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Culm Rock The Story of a Year: What it Brought and What it Taught   By: (1847-1868)

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First Page:


The Story of a Year:




Entered, according to Act of Congress, in the year 1867, by HENRY HOYT, In the Clerk's Office of the District Court of Massachusetts.

INNES AND NILES, Stereotypers and Printers, 37 Cornhill, Boston.


Chapter Page

I. The Old Stone House 5

II. Letters 21

III. On the "White Gull" 37

IV. Disappointments 53

V. The First Evening 71

VI. Culm Sights 89

VII. How the Month was spent 107

VIII. Noll's Decision 124

IX. Dirk's Trouble 142

X. In the Sea 159

XI. Dirk's Treasure 177

XII. Firelight Talk 195

XIII. The Winter's Waning 219

XIV. Ned Thorn 236

XV. Plans 254

XVI. The Work Begun 272

XVII. The Work Progressing 288

XVIII. The Work Finished 304

XIX. A Happy Walk 320

XX. New Thoughts and New Plans 336

XXI. In Peril of the Sea 353

XXII. Weary Watching 367

XXIII. Waiting 384

XXIV. Days of Calm 400

XXV. Out of the Sea 416

[Transcriber's Note: In this e text, italics have been denoted by enclosing the affected text in underscores]




Culm Rock was a wild place. You might search the coast for miles and not find another bit of nature so bare and rent and ragged as this. So fiercely had the storms driven over it, so wildly had the wind and waves beat, that the few cedars which once flourished as its only bit of greenness were long ago dead, and now held up only bleached and ragged hands. Jutting out into the sea, the surf rolled and thundered along its jagged shore of rock and sand, and was never silent. It would have been an island but for the narrow strips of sand, heaped high and ridgelike, which bound it to the main land; and this slender bridge, it often seemed, would be torn away by the ravenous sea which gnawed and engulfed great tracts at once, and yet heaped it higher and broader in the next storm. Beyond, on the firm and unyielding land, the pine woods stood up, vast, dim, and silent, stretching away into the interior. So, with the great dark barrier of forest behind and the waste of shining sea in front, Culm Rock seemed shut out from all the rest of the world. True, sails flitted along the horizon, and the smoke of foreign bound steamers trailed against the sky, giving token of the great world's life and stir; and there were Skipper Ben and the "White Gull" who touched at the little wharf at Culm every week; but for these, the people for there were people who dwelt here might have lived in another sphere for aught they knew or were conscious of what was transpiring in the wonderful land which lay beyond the stretch of sea, and between which and themselves the "White Gull" was the only means of communication.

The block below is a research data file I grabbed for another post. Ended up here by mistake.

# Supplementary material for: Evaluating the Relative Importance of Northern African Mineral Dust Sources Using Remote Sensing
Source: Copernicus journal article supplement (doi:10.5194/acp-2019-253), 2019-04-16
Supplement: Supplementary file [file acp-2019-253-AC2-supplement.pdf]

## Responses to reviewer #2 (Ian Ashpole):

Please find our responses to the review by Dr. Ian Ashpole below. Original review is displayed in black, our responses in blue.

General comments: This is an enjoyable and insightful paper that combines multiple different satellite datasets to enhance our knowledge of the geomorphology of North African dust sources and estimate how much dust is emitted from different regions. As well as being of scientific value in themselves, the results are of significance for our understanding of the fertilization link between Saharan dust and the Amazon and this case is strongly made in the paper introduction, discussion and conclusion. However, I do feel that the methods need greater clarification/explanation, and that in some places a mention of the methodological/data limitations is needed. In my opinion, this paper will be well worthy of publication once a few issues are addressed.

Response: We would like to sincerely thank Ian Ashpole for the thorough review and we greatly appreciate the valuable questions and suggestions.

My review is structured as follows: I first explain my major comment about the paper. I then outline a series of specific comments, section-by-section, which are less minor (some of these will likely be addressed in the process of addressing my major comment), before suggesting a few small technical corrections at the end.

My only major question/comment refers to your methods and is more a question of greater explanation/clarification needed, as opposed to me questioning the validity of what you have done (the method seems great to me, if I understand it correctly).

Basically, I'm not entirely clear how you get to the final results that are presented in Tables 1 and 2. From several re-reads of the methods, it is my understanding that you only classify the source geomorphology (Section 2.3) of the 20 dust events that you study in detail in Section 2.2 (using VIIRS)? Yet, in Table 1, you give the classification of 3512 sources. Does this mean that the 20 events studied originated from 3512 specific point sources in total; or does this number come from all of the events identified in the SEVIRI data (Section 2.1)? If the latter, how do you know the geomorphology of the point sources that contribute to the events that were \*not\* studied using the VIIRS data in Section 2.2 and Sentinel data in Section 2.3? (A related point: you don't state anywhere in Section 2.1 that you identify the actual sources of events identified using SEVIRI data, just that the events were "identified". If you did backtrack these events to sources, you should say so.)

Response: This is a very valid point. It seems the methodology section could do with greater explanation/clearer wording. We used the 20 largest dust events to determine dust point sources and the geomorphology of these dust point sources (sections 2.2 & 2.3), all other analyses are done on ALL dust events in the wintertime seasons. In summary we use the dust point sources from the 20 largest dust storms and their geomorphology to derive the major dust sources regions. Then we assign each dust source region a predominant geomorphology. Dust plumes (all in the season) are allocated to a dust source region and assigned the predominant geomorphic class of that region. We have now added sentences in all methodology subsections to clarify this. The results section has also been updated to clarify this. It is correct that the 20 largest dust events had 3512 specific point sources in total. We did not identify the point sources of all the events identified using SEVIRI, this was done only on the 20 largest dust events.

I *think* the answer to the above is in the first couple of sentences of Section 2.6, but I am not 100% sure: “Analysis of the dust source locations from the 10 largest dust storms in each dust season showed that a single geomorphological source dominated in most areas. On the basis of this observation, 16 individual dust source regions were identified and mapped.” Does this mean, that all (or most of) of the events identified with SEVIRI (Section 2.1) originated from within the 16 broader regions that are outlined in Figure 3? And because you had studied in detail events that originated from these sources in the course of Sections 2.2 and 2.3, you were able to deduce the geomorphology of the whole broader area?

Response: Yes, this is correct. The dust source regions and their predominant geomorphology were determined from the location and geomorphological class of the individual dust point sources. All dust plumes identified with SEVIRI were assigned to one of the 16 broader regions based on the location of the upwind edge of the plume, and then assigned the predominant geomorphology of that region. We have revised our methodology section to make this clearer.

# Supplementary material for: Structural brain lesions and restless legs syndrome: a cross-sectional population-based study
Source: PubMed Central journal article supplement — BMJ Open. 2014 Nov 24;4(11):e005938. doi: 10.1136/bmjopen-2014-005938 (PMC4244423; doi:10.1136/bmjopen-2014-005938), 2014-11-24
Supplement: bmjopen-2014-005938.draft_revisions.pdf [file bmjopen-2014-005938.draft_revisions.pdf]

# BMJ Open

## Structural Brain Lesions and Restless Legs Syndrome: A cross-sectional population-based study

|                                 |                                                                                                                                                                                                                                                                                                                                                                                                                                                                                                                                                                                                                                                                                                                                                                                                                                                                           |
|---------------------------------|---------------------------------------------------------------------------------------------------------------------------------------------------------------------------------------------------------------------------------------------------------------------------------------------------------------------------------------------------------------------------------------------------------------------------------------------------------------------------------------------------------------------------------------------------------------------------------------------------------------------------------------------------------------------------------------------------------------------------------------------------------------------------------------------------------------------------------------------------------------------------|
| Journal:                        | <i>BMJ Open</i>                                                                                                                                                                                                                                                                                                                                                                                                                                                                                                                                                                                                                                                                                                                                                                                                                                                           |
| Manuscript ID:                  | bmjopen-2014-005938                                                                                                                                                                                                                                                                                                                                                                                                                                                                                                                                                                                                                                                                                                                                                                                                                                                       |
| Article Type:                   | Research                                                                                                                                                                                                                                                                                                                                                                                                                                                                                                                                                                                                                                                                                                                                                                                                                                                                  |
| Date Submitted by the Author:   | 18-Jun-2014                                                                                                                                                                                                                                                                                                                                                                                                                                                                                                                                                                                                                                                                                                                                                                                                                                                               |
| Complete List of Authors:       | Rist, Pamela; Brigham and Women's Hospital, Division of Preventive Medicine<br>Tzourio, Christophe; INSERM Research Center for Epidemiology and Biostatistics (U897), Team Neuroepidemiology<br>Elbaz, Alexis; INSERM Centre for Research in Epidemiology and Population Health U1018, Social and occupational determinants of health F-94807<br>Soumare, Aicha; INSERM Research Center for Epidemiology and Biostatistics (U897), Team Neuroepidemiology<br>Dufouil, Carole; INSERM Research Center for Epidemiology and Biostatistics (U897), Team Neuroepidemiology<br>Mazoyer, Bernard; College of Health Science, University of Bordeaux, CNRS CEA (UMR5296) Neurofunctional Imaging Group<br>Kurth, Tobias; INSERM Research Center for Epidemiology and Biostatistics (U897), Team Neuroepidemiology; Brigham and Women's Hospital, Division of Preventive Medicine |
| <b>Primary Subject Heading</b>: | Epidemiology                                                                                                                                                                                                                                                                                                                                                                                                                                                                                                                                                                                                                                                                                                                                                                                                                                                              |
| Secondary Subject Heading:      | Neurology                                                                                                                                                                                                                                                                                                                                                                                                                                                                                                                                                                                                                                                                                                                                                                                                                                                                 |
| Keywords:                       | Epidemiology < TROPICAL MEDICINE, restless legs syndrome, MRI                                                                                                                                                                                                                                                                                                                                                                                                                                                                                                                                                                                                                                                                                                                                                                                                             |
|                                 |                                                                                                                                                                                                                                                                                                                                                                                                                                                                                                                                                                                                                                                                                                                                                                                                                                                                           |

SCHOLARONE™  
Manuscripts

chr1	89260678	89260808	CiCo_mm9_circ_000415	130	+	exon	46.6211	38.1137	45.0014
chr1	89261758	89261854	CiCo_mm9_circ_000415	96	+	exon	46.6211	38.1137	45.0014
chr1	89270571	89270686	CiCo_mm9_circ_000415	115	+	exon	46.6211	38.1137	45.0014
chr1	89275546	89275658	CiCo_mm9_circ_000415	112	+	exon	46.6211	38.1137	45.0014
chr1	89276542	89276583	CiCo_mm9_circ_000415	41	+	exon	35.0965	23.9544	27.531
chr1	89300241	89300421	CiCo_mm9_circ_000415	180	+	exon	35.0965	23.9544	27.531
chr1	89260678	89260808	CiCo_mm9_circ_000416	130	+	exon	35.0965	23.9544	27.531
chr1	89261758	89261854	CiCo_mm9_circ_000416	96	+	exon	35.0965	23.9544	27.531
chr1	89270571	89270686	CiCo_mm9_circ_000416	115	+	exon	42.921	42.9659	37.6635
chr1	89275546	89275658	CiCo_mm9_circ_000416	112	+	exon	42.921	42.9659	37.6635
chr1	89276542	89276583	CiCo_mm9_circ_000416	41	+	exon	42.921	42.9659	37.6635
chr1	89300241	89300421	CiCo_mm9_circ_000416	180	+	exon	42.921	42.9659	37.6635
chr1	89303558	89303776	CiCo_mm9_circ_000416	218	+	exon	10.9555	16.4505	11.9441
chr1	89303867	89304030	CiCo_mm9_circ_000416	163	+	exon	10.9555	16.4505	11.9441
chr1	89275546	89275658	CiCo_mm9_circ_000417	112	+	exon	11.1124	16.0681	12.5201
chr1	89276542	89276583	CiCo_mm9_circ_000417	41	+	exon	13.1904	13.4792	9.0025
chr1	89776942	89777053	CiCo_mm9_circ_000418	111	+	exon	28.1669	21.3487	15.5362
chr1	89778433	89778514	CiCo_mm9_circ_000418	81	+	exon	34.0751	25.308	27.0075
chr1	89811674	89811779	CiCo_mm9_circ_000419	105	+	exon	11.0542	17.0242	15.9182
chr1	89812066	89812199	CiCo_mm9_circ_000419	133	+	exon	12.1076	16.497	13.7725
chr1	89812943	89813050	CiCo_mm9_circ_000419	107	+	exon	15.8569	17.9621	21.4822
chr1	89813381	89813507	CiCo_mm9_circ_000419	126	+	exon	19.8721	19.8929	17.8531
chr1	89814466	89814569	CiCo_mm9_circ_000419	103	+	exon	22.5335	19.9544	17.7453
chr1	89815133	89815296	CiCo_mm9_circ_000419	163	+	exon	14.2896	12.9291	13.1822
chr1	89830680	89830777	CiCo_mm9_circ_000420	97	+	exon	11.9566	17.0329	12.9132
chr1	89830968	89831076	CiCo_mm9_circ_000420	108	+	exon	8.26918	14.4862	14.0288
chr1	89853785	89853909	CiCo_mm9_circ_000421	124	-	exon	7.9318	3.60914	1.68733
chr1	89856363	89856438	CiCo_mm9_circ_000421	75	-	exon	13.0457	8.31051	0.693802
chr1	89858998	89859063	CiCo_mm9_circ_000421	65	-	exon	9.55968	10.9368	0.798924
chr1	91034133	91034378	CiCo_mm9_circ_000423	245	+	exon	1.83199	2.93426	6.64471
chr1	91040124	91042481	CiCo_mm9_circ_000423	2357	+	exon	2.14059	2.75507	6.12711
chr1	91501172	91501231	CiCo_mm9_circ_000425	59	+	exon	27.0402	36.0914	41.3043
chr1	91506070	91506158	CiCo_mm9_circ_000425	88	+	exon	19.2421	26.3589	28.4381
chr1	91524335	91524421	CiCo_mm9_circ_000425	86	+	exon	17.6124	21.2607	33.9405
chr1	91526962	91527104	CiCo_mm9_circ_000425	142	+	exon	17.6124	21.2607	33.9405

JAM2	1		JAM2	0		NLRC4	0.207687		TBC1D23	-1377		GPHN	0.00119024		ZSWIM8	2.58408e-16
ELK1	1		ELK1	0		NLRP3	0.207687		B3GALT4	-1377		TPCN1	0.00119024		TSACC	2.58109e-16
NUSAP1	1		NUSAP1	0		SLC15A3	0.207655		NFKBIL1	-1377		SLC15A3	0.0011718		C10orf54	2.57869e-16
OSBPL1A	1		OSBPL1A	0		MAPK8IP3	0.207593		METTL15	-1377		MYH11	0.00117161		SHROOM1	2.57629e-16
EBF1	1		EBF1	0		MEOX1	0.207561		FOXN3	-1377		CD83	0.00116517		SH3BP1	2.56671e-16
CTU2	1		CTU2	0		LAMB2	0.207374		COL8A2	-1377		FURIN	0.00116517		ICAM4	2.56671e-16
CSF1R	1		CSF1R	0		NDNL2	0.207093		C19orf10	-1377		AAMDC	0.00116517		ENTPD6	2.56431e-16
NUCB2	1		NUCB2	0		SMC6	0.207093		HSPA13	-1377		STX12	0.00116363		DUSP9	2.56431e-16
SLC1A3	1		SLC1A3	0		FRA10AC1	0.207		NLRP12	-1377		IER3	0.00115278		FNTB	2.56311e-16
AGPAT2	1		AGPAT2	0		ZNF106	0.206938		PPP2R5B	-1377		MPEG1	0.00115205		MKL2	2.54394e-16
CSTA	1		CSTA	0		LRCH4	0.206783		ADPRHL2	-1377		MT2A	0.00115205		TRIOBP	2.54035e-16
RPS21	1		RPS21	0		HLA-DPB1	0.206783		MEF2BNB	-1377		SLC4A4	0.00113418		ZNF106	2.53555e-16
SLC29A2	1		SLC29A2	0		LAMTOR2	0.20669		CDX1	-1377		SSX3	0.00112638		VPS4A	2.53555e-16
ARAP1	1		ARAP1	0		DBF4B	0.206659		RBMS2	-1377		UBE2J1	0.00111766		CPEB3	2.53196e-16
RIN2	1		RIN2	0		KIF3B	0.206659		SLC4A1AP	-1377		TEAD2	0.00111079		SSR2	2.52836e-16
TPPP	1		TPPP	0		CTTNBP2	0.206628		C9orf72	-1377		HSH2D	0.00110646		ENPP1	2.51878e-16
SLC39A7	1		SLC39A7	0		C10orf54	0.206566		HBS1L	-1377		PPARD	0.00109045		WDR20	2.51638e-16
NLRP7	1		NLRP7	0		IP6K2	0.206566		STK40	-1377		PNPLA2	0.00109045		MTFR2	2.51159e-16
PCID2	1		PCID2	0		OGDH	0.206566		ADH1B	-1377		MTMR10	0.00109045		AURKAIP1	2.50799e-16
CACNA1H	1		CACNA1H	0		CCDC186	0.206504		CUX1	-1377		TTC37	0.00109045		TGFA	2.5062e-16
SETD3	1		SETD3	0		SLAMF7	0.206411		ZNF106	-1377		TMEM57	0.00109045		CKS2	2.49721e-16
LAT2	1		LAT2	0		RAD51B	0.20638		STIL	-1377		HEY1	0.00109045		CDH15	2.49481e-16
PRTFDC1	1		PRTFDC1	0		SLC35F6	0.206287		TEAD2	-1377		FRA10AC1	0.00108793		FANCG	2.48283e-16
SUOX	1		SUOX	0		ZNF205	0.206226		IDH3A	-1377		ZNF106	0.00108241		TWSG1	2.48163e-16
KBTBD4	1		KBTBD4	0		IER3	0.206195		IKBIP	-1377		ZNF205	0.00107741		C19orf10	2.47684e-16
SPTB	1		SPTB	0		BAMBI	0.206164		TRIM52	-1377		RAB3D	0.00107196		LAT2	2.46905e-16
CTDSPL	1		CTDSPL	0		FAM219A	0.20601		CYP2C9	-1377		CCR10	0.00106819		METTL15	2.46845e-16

Do you wonder that people could spend their lives here, die, and never have seen the world without? There were only a dozen houses, poor, racked, weather beaten things, nestled on a bit of sand on a far corner of Culm, inhabited by fishermen and their families. They were rough, hardy folk, but ignorant, and with only ambition enough to get their living out of the great sea, and a poor and scanty enough living at that... Continue reading book >>

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